Only now does an anecdote fit:

For Rachel Uchitel and the family of her fiance, who worked at Sandler O’Neill & Partners, the tension has fallen somewhere in between. “They lost their child,” Ms. Uchitel said. But, she argued, “My everyday life has changed. I don’t come home to the same person. I don’t even come home to the same home.” She insisted it would be no easier for a fiance or fiancee to move on than it would for any family member.

There is no count of how many engagements were broken by Sept. 11, but at Cantor Fitzgerald, which lost more than 600 employees, 44 fiances and fiancees have registered with the company’s relief fund. One of them is Susann Brady, a registered nurse who lives in Montclair, N.J. She was set to wed Gavin Cushny last Oct. 26, in a 12th-century church in Scotland where his late father had served as a minister.

C. Got obscurity problems? Writing about something your audience doesn’t think it cares about? Identify the heart of the story–the part that creates a common denominator–with a punch line, the same way you’d tell it to a friend.

CAIRO — When does an emir get to become a king? When he says so.

That may sound like some obscure monarchy joke, but it was in fact a historic moment Thursday in the tiny Persian Gulf emirate of Bahrain, where, with a stroke of his pen, Sheik Hamed ibn Isa Khalifa anointed himself king.

Of course, a king can’t be king without a kingdom, so map makers will have to get busy and rename the sliver of oil-producing sand “the Kingdom of Bahrain”–just like its big cousin next door, the Kingdom of Saudi Arabia.

But unlike Saudi Arabia, where the royal family rules with a heavy hand, this kingdom will incorporate elements of democracy, making it a standout in a region where, generally, rulers rule as they like.

In announcing his promotion, the fledgling king also approved plans to create a constitutional monarchy.

He called for the first parliamentary elections in more than two decades to be held in October and municipal elections in May.

“We are keen to resume democratic life as soon as possible for the glory of Bahrain, its prosperity and development,” his royal highness said in a nationally televised address Thursday. “Men and women will be allowed to vote and run for office.”

A few years ago, this country of just 650,000 people was in the grip of a violent uprising. Bombs rocked the capital, Manama, destroying banks, offices and hotels, and the jails were filled with political prisoners.

In 1974, the new king’s father, Sheik Isa ibn Salman Khalifa, had imposed an emergency law under which anyone could be arrested and held for up to three years without being charged. Over the years, thousands of people were arrested, locked up or exiled. He also suspended the constitution and dissolved parliament.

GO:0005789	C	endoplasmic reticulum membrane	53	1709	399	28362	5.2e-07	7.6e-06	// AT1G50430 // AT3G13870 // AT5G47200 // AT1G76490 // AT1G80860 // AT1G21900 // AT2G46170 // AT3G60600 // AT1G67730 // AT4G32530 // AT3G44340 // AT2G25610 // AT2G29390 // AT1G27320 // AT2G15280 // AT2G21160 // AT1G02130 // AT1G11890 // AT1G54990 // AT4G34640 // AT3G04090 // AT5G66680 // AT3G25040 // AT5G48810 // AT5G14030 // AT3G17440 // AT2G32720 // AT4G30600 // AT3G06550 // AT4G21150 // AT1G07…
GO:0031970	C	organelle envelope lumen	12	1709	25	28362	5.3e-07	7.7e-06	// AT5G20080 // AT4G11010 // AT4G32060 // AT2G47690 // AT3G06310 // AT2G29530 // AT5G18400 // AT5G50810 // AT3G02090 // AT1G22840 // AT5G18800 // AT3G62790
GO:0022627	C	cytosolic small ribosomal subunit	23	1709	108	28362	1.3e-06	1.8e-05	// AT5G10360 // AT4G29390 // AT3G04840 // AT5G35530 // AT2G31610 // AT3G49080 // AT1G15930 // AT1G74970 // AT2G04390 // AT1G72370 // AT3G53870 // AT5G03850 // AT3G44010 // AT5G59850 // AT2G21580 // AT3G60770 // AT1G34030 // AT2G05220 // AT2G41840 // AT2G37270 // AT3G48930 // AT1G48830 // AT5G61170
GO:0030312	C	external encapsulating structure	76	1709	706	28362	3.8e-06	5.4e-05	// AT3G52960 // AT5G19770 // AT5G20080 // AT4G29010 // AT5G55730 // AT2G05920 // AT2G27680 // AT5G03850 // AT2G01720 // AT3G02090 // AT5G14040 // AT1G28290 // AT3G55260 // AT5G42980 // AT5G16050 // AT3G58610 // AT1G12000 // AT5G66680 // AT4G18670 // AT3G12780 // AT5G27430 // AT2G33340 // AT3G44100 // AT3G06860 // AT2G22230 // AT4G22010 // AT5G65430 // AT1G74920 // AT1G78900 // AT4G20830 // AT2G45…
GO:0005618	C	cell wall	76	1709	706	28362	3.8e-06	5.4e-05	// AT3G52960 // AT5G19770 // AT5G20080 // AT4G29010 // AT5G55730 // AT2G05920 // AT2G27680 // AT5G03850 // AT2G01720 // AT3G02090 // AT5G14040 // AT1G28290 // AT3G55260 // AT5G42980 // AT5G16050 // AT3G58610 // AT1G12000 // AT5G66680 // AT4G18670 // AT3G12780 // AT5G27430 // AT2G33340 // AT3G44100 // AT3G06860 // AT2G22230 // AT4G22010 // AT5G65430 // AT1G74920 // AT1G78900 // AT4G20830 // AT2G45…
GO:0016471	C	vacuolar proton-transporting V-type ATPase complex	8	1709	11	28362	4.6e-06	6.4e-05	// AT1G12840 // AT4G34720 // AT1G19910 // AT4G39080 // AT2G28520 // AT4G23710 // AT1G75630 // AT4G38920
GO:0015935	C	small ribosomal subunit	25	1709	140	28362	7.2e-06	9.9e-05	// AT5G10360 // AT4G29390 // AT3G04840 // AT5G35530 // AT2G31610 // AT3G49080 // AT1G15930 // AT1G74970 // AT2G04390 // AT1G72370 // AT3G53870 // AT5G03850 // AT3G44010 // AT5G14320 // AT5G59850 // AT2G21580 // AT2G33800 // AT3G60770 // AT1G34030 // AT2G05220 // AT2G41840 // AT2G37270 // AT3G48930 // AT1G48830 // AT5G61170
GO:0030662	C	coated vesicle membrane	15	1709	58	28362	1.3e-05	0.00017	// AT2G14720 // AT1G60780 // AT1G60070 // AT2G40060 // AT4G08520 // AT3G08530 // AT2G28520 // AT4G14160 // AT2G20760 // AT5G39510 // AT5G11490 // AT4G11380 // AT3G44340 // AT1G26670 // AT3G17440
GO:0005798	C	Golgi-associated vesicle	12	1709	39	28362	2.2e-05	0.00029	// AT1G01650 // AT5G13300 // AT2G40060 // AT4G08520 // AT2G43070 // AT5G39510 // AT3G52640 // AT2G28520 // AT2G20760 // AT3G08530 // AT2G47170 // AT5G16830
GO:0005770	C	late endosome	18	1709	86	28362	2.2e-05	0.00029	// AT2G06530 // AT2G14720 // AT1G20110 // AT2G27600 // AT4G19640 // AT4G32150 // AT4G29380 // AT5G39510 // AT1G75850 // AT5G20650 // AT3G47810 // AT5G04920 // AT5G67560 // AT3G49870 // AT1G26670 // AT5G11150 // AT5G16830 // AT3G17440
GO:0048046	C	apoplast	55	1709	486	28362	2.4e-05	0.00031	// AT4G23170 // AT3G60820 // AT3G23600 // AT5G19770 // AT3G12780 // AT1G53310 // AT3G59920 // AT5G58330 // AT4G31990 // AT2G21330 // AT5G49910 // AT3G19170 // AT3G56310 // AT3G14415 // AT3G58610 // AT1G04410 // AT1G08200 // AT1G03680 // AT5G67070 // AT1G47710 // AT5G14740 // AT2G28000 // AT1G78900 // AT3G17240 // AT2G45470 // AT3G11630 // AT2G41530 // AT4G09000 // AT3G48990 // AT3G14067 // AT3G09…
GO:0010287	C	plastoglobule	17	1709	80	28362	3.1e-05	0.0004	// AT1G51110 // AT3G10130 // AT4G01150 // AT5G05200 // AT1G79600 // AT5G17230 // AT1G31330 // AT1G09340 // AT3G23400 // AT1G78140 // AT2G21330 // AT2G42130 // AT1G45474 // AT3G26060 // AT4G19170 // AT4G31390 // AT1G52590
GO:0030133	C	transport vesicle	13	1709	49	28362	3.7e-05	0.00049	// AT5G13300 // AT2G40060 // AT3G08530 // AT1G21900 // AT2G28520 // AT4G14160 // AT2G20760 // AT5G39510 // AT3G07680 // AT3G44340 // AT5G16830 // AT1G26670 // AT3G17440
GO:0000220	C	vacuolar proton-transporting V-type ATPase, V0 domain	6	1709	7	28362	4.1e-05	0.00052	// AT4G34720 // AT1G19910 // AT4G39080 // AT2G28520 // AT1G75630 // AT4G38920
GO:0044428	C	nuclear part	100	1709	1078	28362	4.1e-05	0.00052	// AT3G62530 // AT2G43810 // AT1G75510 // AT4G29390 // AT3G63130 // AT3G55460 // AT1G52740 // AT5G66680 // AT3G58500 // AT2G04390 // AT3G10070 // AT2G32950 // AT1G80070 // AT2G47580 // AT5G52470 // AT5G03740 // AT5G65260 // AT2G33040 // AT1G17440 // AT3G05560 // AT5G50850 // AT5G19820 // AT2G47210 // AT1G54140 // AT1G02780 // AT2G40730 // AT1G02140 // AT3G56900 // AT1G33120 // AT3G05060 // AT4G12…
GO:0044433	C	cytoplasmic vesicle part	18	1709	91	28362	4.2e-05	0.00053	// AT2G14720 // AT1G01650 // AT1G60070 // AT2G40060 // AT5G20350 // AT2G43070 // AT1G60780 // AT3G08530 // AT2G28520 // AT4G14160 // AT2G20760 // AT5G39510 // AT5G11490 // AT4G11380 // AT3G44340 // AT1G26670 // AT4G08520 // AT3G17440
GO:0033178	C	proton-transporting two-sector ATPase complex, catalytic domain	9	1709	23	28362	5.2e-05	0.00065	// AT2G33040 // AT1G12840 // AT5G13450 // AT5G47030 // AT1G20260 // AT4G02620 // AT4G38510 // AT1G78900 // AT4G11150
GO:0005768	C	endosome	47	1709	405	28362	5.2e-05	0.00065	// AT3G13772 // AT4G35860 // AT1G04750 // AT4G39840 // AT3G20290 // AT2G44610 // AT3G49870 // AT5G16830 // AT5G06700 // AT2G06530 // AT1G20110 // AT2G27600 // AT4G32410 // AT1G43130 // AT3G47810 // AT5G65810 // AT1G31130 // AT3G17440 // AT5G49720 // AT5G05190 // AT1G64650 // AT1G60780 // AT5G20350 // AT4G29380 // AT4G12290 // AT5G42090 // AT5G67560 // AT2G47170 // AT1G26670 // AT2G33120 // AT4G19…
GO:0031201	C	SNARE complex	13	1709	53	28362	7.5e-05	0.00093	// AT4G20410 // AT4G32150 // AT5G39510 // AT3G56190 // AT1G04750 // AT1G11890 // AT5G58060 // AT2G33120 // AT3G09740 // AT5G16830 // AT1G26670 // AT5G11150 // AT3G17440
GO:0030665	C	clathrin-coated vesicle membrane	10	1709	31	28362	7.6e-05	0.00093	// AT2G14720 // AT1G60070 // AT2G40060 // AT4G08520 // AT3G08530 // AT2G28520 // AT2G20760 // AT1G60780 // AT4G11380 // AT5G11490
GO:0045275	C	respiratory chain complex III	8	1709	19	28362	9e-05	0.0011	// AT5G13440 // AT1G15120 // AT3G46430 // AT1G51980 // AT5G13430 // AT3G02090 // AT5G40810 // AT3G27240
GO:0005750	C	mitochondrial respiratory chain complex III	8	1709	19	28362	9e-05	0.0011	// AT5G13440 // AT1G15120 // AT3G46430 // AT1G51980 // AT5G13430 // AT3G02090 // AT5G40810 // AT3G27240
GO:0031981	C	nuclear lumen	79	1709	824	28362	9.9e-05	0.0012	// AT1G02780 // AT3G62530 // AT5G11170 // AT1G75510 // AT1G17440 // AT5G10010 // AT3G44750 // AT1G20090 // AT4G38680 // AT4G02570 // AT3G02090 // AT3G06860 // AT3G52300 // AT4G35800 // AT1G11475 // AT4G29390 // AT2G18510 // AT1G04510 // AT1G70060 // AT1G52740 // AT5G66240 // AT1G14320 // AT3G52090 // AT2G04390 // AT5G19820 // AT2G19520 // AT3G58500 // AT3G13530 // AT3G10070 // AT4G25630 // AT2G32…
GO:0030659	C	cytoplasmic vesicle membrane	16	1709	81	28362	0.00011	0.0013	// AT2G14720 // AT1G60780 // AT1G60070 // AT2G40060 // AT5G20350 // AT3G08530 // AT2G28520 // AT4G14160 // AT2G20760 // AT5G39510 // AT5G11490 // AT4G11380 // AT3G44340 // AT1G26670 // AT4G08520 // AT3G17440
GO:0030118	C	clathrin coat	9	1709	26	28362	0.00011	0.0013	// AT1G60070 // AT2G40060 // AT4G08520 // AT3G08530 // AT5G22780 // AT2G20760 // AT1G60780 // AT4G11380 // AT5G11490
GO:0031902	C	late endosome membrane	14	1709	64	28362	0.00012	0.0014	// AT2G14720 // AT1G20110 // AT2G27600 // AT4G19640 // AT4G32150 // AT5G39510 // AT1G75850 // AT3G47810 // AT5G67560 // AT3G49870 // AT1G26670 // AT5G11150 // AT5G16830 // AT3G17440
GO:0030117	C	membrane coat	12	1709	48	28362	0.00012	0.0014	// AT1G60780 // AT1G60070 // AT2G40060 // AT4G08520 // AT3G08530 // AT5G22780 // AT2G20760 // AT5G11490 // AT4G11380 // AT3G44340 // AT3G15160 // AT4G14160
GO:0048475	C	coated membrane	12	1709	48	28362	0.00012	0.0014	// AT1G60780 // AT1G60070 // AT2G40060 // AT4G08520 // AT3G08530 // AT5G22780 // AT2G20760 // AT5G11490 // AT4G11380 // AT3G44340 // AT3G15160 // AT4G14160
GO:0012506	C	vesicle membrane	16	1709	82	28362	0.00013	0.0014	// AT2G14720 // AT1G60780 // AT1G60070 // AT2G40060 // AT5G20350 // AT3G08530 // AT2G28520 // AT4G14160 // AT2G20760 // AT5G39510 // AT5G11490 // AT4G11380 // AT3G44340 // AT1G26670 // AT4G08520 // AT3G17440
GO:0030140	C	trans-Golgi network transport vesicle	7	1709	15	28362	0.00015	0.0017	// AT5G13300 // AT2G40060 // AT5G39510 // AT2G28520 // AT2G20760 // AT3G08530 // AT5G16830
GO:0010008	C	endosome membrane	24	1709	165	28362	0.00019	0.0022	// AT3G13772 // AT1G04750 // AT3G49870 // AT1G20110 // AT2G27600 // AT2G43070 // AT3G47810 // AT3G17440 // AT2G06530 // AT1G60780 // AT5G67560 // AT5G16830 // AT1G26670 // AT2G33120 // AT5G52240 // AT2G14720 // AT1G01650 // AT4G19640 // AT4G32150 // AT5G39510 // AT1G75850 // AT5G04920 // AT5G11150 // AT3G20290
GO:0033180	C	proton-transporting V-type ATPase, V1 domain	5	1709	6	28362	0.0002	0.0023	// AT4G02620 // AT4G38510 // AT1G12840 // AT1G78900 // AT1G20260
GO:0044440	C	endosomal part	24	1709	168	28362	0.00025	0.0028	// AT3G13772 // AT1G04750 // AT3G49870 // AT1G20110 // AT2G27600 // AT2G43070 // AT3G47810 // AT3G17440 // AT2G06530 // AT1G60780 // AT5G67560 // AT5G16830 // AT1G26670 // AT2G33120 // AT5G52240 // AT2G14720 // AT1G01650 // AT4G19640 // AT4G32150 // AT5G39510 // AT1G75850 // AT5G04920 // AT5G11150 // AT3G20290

In 1999, the emir died and his son took over.

Hamed shook the nation to the core. He opened the jails and released….

D. Got an ongoing story? Exploit the fact that the reader has context. In the example below, the writer used a sweeping first line to create a sense of drama:

THE HAGUE–Slobodan Milosevic finally got his day in court Thursday, and he made the most of it.

Representing himself in his war crimes trial at the international court here, the former Yugoslav president unloaded an opening salvo portraying himself as the victim of a hypocritical Western conspiracy.

Milosevic denied the charges of genocide and crimes against humanity, claiming that the thousands slain and hundreds of thousands driven out of Serbia’s Kosovo province three years ago were mostly victim of a civil war between Serbs and ethnic Albanian terrorists–and, later, NATO airstrikes.

Milosevic’s opening statement was an aggressive, essentially political attempt to turn the proceedings into a trial of the Western nations that he accuses of committing war crimes themselves during the 11-week bombing campaign and then “crucifying” him.

3. AVOID A CONTRADICTORY FLOW. This is a constant problem in more complex stories, and writers often blunder by forgetting that your story can be about only one thing. Many interesting, noble stories die when the writer lets a secondary point rob the story of momentum and purposefulness. The reader quits in frustration, asking himself: What’s this story about?

A. The story changes direction twice in five grafs. In the second graf (underlined) we see a despair turn to hope. Then in the fifth graf (underlined) we see hope turn back into despair. Which way are we going? The fifth and sixth grafs’ contradictory flow not only sends us in a different direction but does so with overly long sentences. Would you keep reading this story?

MILWAUKEE–Late for school, the 7-year-old girl was hurrying along South 18th Street, going as quickly as she could in her puffy snowsuit. The man appeared suddenly, wrapped his hand around her right wrist and pulled her behind a house. He raped her. Then he disappeared.

Six years later, at midnight on Dec. 2, the unknown rapist would have been forever free from punishment, saved by Wisconsin’s statute of limitations for sexual assault. Instead, he has been charged with rape and kidnapping.

His identity, such as it is, was revealed for the first time in the November arrest warrant: “John Doe, unknown male, with matching deoxyribonucleic acid [DNA] at genetic locations D2S44, D4S139, D5S110, D10S28, D1S7 and D17S79.”

In a novel effort to beat the statute of limitations on a pile of unsolved sexual assaults, an enterprising team of investigators and prosecutors here is testing the legal boundaries of DNA evidence. Instead of listing the traditional name or physical description used in a John Doe warrant, they are detailing the suspect’s most basic genetic makeup.